Below is a link to a really wonderful piece by Brian Johnston with microscopic photos of the dandelion, showing far more than I can manage with my camera.

And I had completely forgotten that my friend Leigh Hayes did a terrific post on dandelions two years ago. Here it is:

And do consider following her blog too.

“Sumer is icumen in”*

Since 1970, English farmland birds have declined by 54%. Since 1976, butterflies have declined by 41%. Overall, 12% of farmland species are at risk of extinction. We need to value and fight for what remains. Look carefully, and you will be rewarded still.

When the hares were being elusive, I dawdled, and enjoyed anything that came my way. Most local farmers set aside strips of uncultivated ground alongside their crops, and together with traditional copses these at least provide small havens for small wondiers.

Two baby Blue Tits (sorry about the focus):

Juvenile blue tits

Wildflowers and their attendant pollinators:


A browsing deer:


An insect licking moisture from a leaf:


A Spotted Orchid:


A Long-tailed Tit:

Long-tailed tit

A Common Blue butterfly with its slender coiled black tongue just visible:

Female Common Blue

And a mystery seedpod, near the stream, fallen from somewhere: does anyone know what it is?

?plantain seeds??

There is still much left to marvel at even in heavily farmed agricultural land in the 21st century, though this 2016 report makes for depressing reading:

Click to access State%20of%20Nature%20UK%20report_%2020%20Sept_tcm9-424984.pdf

*But beauty remains. Eight hundred years ago, an anonymous poet said it all (modern version below!):

Sumer is icumen in,
Lhude sing cuccu!
Groweþ sed and bloweþ med
And springþ þe wde nu,
Sing cuccu!

Awe bleteþ after lomb,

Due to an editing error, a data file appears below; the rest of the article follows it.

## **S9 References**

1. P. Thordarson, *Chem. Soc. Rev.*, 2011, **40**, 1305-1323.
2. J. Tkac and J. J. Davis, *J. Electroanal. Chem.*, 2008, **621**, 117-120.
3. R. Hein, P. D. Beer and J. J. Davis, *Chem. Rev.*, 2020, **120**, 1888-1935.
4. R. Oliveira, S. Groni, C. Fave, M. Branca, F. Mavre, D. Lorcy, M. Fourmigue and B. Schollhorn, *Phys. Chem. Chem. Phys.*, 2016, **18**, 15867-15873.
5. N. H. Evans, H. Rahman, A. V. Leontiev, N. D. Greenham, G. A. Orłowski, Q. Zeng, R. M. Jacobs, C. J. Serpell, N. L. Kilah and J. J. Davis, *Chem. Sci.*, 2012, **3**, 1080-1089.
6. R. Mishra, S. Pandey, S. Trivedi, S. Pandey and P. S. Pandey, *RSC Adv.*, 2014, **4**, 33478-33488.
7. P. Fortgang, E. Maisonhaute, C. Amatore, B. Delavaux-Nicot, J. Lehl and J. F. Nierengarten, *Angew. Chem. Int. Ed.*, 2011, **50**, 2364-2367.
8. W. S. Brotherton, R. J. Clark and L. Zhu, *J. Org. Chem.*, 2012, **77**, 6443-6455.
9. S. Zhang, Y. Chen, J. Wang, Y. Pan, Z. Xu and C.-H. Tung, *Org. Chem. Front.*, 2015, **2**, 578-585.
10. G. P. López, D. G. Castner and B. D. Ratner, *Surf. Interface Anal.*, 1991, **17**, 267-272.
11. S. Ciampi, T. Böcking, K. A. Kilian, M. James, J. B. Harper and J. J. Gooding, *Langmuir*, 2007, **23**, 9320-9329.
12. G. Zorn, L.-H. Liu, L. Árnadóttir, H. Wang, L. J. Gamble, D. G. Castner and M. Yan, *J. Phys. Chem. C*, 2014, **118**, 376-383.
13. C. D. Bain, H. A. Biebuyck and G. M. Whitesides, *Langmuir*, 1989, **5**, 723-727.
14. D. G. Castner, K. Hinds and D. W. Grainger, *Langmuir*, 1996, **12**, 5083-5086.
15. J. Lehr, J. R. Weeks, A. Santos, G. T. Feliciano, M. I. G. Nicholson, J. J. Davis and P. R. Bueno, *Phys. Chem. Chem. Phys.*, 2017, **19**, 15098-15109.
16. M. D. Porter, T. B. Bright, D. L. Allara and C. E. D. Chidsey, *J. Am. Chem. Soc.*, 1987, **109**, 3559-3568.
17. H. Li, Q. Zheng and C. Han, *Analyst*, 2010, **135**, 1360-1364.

Lhouþ after calue cu.
Bulluc sterteþ, bucke uerteþ,
Murie sing cuccu!
Cuccu, cuccu, wel singes þu cuccu;
Ne swik þu nauer nu.

Sing cuccu nu. Sing cuccu.
Sing cuccu. Sing cuccu nu!

And in modern English:

Summer has come in,
Loudly sing, Cuckoo!
The seed grows and the meadow blooms
And the wood springs anew,
Sing, Cuckoo!

The ewe bleats after the lamb
The cow lows after the calf.
The bullock stirs, the stag farts,
Merrily sing, Cuckoo!
Cuckoo, cuckoo, well you sing, cuckoo;
Don’t ever you stop now,

Sing cuckoo now. Sing, Cuckoo.
Sing Cuckoo. Sing cuckoo now!

Apparently ‘uerteþ’ (or ‘verteth’) can mean either ‘cavort’ or ‘fart’!

“The man who tells you he has thought of everything has forgotten the hare.”*

In my Cotswold village there is a surfeit of hares right now.  After years of seeing few and photographing none, this weekend they were everywhere. There are five European Brown Hares, Lepus europaeus, in this photo, out of a total of eight that I saw today:


If I wasn’t too close, they watched me warily:


If I played Grandmother’s Footsteps, moving slowly and smoothly when they put their heads down to graze, and freezing when they looked up, I could get close enough to photograph them.


These two did a few seconds of the boxing for which they are famous:


When they run, they cross a large field at up to 70 Kmph, those huge haunches delivering the power of a kangaroo, and the back feet overtaking the front ones:


It may not be obvious, but this one is running fast, straight towards me!


They share the field with variety of birds. This is a Red-legged Partridge, introduced from France for culinary reasons, and now common.

Hare with Red-legged Partridge

After five or six hours of silently stalking them, I came back for one last session, pulled my car over, got out and loudly slammed the door. When I turned round there were two hares by the road maybe 50 yards away, not overly perturbed.